- the condition of the premises or common parts that gave rise to the service of the relevant notice is caused by the tenant breaching its duty to use the premises in a tenant-like manner (or an express provision in the tenancy to the same effect);
- the premises are genuinely on the market for sale (this will not be the case where the sale is to an associated person as defined by the Act);
- the landlord is a private registered provider of social housing; or
- the premises were charged before the grant of the tenancy and the mortgagee wishes to exercise its power of sale and requires vacant possession.
INFORMATION TO BE PROVIDED AT THE START OF THE TENANCY
As well as providing the tenant with the prescribed information relating to a deposit, a landlord must also give the tenant:
- A valid Energy Performance Certificate
- A valid annual Gas Safety Certificate
- A copy of the Department for Communities and Local Government's "How to rent: the checklist for renting in England" guide.
These documents should be supplied at the start of each new tenancy otherwise a Section 21 Notice cannot be served. If the landlord fails to do so, this can be remedied by supplying the documents as soon as possible thereafter and before service of a Section 21 Notice.
OTHER CHANGES TO THE SECTION 21 NOTICE PROCEDURE
The Act introduced a new prescribed form Section 21 Notice which must be used for all tenancies created on or after 1 October 2015. There will no longer be a requirement for the date specified in the Section 21 Notice to be the last day of a period of the tenancy, even where the tenant has always held a periodic tenancy.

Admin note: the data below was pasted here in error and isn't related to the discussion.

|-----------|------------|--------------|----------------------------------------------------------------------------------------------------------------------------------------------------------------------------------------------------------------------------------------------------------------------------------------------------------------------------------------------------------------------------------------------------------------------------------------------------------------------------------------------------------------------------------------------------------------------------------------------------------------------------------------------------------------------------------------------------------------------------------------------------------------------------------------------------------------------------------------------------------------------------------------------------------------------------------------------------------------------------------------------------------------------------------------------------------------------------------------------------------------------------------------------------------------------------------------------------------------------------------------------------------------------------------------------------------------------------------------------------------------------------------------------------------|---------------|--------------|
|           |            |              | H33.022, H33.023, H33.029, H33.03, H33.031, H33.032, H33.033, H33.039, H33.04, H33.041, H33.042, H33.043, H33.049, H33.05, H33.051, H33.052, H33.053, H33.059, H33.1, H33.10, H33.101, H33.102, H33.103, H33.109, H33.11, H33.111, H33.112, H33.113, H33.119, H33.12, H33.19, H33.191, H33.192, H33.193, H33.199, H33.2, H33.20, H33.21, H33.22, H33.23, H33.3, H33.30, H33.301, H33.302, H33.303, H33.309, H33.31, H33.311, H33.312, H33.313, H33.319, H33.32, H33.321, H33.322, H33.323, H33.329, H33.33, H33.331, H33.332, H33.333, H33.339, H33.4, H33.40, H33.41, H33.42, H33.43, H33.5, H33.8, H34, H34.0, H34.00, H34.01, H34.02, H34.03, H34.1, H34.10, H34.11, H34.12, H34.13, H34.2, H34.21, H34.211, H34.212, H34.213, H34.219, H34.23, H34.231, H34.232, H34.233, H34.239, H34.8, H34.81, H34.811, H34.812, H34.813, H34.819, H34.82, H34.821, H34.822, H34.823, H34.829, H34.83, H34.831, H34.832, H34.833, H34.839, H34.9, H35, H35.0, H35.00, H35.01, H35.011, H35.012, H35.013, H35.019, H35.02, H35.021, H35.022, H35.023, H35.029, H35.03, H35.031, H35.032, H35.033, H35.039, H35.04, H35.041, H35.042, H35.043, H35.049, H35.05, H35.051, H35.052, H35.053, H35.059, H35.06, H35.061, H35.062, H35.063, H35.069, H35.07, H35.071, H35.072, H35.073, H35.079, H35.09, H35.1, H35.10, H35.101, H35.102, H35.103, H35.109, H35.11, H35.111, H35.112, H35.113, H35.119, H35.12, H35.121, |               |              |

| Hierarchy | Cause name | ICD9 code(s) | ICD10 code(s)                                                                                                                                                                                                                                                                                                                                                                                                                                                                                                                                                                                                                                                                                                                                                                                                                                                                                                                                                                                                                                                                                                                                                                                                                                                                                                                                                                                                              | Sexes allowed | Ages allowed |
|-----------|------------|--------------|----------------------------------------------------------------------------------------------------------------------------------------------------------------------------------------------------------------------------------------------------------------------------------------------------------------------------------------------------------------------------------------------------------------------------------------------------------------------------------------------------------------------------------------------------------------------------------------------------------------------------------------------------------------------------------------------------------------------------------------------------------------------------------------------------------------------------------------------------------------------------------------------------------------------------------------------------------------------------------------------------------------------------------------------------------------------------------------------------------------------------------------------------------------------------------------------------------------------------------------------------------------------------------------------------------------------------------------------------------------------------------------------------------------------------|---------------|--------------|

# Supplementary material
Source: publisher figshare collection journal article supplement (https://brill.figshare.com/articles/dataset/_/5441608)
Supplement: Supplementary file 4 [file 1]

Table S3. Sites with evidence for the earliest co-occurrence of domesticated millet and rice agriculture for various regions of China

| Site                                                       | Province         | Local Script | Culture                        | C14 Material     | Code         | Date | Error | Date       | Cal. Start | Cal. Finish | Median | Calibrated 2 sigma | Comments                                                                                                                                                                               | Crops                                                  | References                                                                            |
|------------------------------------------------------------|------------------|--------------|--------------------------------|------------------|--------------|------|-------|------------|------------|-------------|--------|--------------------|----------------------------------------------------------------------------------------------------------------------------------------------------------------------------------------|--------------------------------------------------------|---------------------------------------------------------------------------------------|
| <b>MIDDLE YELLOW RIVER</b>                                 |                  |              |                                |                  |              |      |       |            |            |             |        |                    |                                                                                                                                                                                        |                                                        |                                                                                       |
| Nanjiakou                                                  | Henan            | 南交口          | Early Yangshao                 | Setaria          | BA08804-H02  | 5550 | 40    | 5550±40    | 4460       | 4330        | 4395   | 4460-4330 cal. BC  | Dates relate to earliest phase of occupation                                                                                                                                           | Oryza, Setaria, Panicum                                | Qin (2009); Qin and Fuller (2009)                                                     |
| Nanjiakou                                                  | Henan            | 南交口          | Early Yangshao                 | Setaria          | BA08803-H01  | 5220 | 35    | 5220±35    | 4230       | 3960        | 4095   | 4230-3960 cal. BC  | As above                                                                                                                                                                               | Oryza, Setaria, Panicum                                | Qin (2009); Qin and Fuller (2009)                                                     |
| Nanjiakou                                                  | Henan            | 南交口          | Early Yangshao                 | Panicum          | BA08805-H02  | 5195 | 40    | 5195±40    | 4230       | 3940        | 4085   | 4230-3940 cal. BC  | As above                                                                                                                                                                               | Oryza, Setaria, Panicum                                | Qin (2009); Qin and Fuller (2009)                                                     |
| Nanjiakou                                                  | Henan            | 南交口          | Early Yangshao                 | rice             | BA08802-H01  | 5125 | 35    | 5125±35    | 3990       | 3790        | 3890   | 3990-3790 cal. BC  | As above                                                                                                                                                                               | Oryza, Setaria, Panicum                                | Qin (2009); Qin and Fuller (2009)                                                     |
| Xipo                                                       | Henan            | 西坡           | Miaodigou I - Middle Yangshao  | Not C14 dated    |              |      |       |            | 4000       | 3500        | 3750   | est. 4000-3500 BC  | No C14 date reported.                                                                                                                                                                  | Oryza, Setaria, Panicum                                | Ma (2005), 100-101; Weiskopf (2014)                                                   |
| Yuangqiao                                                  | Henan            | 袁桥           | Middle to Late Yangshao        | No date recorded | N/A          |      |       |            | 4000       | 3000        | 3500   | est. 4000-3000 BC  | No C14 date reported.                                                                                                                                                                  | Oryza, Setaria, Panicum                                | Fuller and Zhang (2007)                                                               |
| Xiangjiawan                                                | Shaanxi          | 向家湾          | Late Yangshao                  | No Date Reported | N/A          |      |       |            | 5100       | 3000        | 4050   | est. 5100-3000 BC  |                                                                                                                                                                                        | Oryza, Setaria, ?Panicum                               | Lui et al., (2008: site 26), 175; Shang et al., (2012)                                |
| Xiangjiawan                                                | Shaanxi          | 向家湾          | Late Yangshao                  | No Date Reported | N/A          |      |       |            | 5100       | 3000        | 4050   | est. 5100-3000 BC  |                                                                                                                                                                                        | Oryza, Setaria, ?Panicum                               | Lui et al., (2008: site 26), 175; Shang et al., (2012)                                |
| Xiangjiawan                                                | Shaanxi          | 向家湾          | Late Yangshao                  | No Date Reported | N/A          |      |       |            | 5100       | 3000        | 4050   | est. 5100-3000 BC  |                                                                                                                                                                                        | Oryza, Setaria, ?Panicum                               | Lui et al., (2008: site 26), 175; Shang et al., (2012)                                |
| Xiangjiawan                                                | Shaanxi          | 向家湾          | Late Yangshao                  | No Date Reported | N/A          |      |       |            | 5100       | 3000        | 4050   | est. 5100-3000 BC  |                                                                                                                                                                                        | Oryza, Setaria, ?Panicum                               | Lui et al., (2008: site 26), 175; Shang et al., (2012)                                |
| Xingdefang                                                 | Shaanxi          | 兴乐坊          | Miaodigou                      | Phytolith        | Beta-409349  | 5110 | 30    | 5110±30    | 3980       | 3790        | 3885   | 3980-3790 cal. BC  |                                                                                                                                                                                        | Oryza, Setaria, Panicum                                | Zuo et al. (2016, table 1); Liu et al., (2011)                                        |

The changes also prevent a landlord from serving a Section 21 Notice at the start of a tenancy, as a landlord is now prohibited from serving a Section 21 Notice within the first four months of a tenancy being granted.
Further, a notice will only remain valid for six months following the date of service. Consequently possession proceedings must be brought within that period to avoid the need for a fresh notice to be served. Although it will no longer be necessary, if a notice period is longer than two months to comply with Section 21(4) (explained above), then the notice will instead become invalid four months from the date of expiry of the notice.
Finally, a tenant can claim repayment of rent paid in advance (calculated on a daily basis) where a tenancy is brought to an end mid-way through a payment period. The court is obliged to make an order requiring a landlord to repay the rent if it has not been paid prior to the court making an order for possession.
A landlord unaware of these changes may find that non-compliance with the new requirements causes delays in obtaining possession.
A diligent landlord should ensure that all prescribed information and documents are provided to the tenant at the start of a new tenancy and complaints are resolved promptly to avoid falling foul of the new requirements.
The Section 21 Notice procedure has been viewed by many as a "no fault" procedure and an easier and quicker way of obtaining possession when compared with the Section 8 Notice procedure, often avoiding the need for a court hearing. It remains to be seen whether the changes will result in a rise in defended Section 21 cases and an increase in the need for the matter to be heard by the Courts.